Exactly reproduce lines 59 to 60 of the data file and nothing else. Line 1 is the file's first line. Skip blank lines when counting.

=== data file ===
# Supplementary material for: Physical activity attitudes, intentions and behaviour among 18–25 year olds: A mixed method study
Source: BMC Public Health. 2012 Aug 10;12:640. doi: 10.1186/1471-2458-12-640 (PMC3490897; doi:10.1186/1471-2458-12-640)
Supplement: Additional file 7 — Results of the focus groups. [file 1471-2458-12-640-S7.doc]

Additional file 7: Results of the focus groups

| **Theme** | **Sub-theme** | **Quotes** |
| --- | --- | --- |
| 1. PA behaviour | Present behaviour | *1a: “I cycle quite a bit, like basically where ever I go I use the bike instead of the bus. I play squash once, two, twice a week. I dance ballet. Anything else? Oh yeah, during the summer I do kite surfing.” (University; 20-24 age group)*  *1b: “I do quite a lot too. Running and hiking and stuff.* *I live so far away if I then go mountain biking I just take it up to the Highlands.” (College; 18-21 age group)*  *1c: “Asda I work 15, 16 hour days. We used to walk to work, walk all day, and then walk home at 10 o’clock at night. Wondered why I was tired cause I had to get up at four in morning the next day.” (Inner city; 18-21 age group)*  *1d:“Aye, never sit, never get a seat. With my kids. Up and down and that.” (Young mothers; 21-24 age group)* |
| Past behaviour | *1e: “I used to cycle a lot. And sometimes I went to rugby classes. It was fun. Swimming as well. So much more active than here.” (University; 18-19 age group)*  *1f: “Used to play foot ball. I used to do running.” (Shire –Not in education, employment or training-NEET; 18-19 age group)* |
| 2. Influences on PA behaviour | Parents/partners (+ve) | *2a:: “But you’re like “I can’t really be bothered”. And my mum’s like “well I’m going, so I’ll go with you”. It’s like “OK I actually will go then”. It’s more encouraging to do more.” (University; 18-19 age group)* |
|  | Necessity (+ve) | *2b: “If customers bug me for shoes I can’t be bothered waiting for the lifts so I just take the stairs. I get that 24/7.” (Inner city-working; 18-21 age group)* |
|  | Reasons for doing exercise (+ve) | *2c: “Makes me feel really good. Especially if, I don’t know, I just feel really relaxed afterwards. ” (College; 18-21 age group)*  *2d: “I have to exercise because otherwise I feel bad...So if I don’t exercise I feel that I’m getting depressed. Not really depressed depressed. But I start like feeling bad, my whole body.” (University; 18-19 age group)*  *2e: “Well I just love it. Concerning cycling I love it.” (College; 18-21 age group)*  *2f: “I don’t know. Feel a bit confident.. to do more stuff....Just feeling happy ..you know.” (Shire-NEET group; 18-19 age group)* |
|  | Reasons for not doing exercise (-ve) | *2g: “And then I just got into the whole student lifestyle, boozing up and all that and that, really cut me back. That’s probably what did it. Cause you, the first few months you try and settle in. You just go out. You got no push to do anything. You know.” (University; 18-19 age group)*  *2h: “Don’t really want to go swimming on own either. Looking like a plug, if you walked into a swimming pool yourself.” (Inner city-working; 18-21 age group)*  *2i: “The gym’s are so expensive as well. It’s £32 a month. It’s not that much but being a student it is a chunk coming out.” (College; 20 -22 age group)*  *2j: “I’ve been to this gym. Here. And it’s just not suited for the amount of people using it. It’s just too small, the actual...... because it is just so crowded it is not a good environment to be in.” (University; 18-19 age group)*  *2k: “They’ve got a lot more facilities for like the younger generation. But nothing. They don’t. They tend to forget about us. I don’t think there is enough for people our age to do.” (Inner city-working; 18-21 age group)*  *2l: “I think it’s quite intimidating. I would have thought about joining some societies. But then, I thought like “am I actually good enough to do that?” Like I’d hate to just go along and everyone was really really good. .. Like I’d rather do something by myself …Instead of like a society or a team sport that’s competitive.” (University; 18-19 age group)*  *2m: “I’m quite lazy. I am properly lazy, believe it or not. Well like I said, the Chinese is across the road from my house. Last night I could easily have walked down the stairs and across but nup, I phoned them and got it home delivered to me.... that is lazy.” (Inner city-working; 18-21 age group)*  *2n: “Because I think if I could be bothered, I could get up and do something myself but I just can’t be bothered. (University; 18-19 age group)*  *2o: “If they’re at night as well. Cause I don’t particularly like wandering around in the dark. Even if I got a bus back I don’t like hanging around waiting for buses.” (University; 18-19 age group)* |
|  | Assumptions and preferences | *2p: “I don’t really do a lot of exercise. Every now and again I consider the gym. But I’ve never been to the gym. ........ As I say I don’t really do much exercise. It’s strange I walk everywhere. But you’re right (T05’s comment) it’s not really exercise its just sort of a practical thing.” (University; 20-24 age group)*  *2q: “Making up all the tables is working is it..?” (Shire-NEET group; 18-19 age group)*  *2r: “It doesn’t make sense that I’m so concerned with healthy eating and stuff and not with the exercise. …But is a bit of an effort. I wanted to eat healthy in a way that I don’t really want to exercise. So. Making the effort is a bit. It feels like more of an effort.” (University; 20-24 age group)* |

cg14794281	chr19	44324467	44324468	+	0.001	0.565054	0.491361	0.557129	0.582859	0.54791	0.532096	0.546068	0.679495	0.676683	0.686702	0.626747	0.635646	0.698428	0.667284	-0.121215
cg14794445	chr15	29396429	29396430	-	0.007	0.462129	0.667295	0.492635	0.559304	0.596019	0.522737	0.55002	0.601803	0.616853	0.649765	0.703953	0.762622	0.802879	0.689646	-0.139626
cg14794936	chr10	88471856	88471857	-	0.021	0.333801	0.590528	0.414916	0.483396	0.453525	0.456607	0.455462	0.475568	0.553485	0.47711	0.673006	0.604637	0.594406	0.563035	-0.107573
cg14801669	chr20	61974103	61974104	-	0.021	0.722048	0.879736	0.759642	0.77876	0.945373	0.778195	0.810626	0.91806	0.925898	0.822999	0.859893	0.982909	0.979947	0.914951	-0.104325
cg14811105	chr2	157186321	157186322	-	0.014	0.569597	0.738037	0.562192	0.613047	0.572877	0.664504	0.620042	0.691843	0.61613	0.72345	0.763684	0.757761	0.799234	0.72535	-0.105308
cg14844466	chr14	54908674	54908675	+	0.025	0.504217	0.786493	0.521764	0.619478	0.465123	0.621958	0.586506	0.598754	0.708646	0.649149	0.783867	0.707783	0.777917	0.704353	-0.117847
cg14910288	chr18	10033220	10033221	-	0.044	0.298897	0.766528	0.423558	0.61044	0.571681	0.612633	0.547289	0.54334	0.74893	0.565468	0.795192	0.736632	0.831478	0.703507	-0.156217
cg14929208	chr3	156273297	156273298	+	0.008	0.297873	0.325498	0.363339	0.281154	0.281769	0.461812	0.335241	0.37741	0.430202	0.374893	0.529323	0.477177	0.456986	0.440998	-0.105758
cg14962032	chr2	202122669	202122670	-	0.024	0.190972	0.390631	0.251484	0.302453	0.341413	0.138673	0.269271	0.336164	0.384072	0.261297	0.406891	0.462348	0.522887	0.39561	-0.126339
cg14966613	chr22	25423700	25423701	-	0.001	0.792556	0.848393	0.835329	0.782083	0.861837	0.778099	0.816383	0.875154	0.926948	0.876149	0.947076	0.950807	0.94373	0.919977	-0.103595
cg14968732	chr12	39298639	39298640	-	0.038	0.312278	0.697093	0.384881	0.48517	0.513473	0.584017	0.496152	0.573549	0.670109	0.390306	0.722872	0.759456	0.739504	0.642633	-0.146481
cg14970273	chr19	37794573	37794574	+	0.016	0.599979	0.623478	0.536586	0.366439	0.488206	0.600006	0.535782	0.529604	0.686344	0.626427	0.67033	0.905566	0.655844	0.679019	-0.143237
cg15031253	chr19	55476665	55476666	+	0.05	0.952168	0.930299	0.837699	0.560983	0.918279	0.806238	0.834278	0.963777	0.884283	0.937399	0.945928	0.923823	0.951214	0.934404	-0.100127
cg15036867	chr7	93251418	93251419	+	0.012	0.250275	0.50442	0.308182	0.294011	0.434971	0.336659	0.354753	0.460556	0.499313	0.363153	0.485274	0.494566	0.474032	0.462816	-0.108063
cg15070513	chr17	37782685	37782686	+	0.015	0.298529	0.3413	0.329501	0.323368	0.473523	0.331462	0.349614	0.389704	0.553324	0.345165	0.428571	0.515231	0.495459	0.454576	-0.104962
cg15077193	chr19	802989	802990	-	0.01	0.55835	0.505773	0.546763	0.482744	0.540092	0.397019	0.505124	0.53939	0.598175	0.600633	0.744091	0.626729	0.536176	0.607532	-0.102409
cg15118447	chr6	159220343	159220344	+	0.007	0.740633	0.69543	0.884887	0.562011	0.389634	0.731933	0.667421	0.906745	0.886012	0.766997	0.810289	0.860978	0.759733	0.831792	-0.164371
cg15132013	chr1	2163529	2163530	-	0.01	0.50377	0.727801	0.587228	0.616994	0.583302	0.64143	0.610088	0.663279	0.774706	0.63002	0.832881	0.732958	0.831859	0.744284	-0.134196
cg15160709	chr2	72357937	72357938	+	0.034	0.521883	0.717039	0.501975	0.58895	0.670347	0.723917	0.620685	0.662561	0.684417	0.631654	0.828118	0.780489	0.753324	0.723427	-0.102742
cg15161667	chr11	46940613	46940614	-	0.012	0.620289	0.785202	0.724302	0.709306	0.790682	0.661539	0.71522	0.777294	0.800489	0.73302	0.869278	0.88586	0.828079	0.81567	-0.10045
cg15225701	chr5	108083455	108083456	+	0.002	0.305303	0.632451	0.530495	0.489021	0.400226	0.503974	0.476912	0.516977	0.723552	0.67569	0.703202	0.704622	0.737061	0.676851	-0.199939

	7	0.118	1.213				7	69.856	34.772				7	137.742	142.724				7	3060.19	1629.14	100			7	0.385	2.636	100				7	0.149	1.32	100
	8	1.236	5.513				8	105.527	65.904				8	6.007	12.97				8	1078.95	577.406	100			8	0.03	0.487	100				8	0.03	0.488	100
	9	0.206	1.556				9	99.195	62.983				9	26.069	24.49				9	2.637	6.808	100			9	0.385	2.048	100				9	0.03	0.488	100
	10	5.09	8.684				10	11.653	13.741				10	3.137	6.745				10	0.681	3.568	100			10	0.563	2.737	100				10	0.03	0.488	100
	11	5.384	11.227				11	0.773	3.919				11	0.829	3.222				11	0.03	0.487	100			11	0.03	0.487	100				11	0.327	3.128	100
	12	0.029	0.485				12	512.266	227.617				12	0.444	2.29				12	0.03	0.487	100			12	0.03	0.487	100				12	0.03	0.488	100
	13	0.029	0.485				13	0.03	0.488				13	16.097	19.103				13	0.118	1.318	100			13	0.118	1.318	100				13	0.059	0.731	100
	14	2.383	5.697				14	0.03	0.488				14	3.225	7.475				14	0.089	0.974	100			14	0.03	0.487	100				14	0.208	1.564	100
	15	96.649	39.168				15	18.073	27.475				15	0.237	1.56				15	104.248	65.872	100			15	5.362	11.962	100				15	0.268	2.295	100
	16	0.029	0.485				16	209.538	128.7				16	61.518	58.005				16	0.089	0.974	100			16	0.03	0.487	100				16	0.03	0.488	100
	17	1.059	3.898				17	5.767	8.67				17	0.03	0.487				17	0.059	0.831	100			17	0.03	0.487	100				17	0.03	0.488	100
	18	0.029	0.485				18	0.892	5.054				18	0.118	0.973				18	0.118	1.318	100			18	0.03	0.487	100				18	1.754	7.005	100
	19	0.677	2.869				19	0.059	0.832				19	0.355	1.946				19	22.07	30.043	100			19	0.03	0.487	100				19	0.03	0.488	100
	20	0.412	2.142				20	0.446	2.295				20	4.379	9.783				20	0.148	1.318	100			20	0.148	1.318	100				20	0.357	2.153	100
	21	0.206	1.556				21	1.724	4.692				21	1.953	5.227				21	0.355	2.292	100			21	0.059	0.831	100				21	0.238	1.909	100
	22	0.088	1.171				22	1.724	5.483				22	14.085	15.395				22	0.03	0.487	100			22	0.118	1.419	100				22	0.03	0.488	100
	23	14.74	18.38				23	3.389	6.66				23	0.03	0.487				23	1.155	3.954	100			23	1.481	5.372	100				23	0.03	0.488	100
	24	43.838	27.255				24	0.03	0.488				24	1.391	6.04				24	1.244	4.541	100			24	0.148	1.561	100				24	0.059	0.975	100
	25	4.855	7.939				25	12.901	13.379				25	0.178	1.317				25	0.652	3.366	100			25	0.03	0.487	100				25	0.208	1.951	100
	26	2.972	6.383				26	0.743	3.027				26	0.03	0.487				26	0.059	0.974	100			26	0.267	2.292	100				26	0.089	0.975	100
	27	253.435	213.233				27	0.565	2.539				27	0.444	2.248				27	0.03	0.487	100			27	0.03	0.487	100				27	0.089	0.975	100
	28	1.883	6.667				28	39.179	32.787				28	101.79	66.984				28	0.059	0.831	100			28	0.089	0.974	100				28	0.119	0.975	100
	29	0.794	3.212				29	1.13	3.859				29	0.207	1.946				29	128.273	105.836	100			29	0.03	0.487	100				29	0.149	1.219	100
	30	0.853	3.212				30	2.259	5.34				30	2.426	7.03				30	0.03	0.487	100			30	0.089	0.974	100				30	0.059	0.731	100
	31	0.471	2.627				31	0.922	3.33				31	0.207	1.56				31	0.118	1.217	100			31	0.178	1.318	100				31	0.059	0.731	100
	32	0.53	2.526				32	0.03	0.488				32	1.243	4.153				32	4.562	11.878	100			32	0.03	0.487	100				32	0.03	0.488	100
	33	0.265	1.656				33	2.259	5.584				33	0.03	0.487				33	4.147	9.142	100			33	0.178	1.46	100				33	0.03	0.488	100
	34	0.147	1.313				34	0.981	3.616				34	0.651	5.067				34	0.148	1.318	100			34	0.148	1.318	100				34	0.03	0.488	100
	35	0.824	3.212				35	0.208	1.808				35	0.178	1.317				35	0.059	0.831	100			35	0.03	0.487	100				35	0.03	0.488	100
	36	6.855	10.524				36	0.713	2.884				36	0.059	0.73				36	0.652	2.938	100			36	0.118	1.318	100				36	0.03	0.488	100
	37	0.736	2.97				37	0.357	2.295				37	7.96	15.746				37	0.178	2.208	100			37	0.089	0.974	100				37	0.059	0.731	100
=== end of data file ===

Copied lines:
	31	0.471	2.627				31	0.922	3.33				31	0.207	1.56				31	0.118	1.217	100			31	0.178	1.318	100				31	0.059	0.731	100
	32	0.53	2.526				32	0.03	0.488				32	1.243	4.153				32	4.562	11.878	100			32	0.03	0.487	100				32	0.03	0.488	100